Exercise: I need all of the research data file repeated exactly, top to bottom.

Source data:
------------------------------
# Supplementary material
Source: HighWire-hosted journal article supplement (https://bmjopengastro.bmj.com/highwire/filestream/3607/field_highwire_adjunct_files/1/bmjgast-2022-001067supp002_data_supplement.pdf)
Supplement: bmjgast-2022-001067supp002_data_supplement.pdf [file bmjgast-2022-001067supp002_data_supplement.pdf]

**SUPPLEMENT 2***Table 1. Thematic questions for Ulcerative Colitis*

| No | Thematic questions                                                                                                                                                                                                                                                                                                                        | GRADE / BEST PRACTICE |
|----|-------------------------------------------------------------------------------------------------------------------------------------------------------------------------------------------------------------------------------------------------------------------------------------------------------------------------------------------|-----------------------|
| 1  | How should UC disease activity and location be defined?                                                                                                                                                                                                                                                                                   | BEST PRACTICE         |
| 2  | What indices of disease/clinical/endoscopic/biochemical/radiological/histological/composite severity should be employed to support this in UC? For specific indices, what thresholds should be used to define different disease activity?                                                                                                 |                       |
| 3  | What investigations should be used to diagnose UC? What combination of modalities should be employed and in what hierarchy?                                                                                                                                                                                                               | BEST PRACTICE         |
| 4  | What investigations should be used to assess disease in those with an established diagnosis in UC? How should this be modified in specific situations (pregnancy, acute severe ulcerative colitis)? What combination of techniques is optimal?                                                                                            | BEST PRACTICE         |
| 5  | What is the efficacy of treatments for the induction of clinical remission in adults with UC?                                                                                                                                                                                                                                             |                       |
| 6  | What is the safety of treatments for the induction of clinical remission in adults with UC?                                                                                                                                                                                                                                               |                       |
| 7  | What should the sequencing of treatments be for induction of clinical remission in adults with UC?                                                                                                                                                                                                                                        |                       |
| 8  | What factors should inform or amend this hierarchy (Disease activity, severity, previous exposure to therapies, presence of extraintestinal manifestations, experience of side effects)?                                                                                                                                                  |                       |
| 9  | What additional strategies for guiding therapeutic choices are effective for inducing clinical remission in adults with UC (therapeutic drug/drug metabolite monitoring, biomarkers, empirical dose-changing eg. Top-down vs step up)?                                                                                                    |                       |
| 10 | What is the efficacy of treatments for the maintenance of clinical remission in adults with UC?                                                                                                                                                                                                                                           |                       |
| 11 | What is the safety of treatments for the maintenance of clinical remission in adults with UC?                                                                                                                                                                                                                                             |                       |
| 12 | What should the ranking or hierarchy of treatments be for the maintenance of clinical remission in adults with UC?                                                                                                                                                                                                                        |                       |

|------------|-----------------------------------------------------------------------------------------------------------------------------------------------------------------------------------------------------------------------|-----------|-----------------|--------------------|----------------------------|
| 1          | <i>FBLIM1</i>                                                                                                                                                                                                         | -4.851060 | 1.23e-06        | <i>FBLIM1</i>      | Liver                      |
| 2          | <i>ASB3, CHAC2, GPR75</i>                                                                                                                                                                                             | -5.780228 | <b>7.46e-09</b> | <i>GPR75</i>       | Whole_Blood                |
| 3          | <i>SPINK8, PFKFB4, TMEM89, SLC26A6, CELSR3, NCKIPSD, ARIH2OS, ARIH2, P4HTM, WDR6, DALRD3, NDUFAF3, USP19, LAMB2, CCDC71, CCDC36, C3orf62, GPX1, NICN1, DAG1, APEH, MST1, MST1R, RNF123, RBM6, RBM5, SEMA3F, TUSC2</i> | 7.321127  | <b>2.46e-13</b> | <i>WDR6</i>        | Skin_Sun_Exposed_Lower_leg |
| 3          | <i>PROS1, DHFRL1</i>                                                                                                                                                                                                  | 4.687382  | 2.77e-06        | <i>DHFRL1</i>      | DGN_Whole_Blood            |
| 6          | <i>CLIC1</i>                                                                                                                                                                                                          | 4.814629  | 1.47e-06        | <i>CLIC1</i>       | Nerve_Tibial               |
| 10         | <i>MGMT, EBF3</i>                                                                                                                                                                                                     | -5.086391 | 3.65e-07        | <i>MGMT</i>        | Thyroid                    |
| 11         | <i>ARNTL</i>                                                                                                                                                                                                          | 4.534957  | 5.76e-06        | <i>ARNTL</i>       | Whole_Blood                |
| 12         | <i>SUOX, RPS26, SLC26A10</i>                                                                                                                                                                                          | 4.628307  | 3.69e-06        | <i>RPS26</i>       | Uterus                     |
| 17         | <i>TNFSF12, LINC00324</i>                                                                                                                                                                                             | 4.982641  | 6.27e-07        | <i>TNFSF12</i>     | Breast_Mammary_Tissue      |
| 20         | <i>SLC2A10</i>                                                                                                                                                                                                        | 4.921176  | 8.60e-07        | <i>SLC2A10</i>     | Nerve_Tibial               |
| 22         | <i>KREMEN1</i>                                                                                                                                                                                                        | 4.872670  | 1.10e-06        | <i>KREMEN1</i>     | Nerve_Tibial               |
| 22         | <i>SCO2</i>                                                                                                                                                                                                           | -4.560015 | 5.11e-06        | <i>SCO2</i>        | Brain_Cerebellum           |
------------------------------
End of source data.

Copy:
# Supplementary material
Source: HighWire-hosted journal article supplement (https://bmjopengastro.bmj.com/highwire/filestream/3607/field_highwire_adjunct_files/1/bmjgast-2022-001067supp002_data_supplement.pdf)
Supplement: bmjgast-2022-001067supp002_data_supplement.pdf [file bmjgast-2022-001067supp002_data_supplement.pdf]

**SUPPLEMENT 2***Table 1. Thematic questions for Ulcerative Colitis*

| No | Thematic questions                                                                                                                                                                                                                                                                                                                        | GRADE / BEST PRACTICE |
|----|-------------------------------------------------------------------------------------------------------------------------------------------------------------------------------------------------------------------------------------------------------------------------------------------------------------------------------------------|-----------------------|
| 1  | How should UC disease activity and location be defined?                                                                                                                                                                                                                                                                                   | BEST PRACTICE         |
| 2  | What indices of disease/clinical/endoscopic/biochemical/radiological/histological/composite severity should be employed to support this in UC? For specific indices, what thresholds should be used to define different disease activity?                                                                                                 |                       |
| 3  | What investigations should be used to diagnose UC? What combination of modalities should be employed and in what hierarchy?                                                                                                                                                                                                               | BEST PRACTICE         |
| 4  | What investigations should be used to assess disease in those with an established diagnosis in UC? How should this be modified in specific situations (pregnancy, acute severe ulcerative colitis)? What combination of techniques is optimal?                                                                                            | BEST PRACTICE         |
| 5  | What is the efficacy of treatments for the induction of clinical remission in adults with UC?                                                                                                                                                                                                                                             |                       |
| 6  | What is the safety of treatments for the induction of clinical remission in adults with UC?                                                                                                                                                                                                                                               |                       |
| 7  | What should the sequencing of treatments be for induction of clinical remission in adults with UC?                                                                                                                                                                                                                                        |                       |
| 8  | What factors should inform or amend this hierarchy (Disease activity, severity, previous exposure to therapies, presence of extraintestinal manifestations, experience of side effects)?                                                                                                                                                  |                       |
| 9  | What additional strategies for guiding therapeutic choices are effective for inducing clinical remission in adults with UC (therapeutic drug/drug metabolite monitoring, biomarkers, empirical dose-changing eg. Top-down vs step up)?                                                                                                    |                       |
| 10 | What is the efficacy of treatments for the maintenance of clinical remission in adults with UC?                                                                                                                                                                                                                                           |                       |
| 11 | What is the safety of treatments for the maintenance of clinical remission in adults with UC?                                                                                                                                                                                                                                             |                       |
| 12 | What should the ranking or hierarchy of treatments be for the maintenance of clinical remission in adults with UC?                                                                                                                                                                                                                        |                       |

|------------|-----------------------------------------------------------------------------------------------------------------------------------------------------------------------------------------------------------------------|-----------|-----------------|--------------------|----------------------------|
| 1          | <i>FBLIM1</i>                                                                                                                                                                                                         | -4.851060 | 1.23e-06        | <i>FBLIM1</i>      | Liver                      |
| 2          | <i>ASB3, CHAC2, GPR75</i>                                                                                                                                                                                             | -5.780228 | <b>7.46e-09</b> | <i>GPR75</i>       | Whole_Blood                |
| 3          | <i>SPINK8, PFKFB4, TMEM89, SLC26A6, CELSR3, NCKIPSD, ARIH2OS, ARIH2, P4HTM, WDR6, DALRD3, NDUFAF3, USP19, LAMB2, CCDC71, CCDC36, C3orf62, GPX1, NICN1, DAG1, APEH, MST1, MST1R, RNF123, RBM6, RBM5, SEMA3F, TUSC2</i> | 7.321127  | <b>2.46e-13</b> | <i>WDR6</i>        | Skin_Sun_Exposed_Lower_leg |
| 3          | <i>PROS1, DHFRL1</i>                                                                                                                                                                                                  | 4.687382  | 2.77e-06        | <i>DHFRL1</i>      | DGN_Whole_Blood            |
| 6          | <i>CLIC1</i>                                                                                                                                                                                                          | 4.814629  | 1.47e-06        | <i>CLIC1</i>       | Nerve_Tibial               |
| 10         | <i>MGMT, EBF3</i>                                                                                                                                                                                                     | -5.086391 | 3.65e-07        | <i>MGMT</i>        | Thyroid                    |
| 11         | <i>ARNTL</i>                                                                                                                                                                                                          | 4.534957  | 5.76e-06        | <i>ARNTL</i>       | Whole_Blood                |
| 12         | <i>SUOX, RPS26, SLC26A10</i>                                                                                                                                                                                          | 4.628307  | 3.69e-06        | <i>RPS26</i>       | Uterus                     |
| 17         | <i>TNFSF12, LINC00324</i>                                                                                                                                                                                             | 4.982641  | 6.27e-07        | <i>TNFSF12</i>     | Breast_Mammary_Tissue      |
| 20         | <i>SLC2A10</i>                                                                                                                                                                                                        | 4.921176  | 8.60e-07        | <i>SLC2A10</i>     | Nerve_Tibial               |
| 22         | <i>KREMEN1</i>                                                                                                                                                                                                        | 4.872670  | 1.10e-06        | <i>KREMEN1</i>     | Nerve_Tibial               |
| 22         | <i>SCO2</i>                                                                                                                                                                                                           | -4.560015 | 5.11e-06        | <i>SCO2</i>        | Brain_Cerebellum           |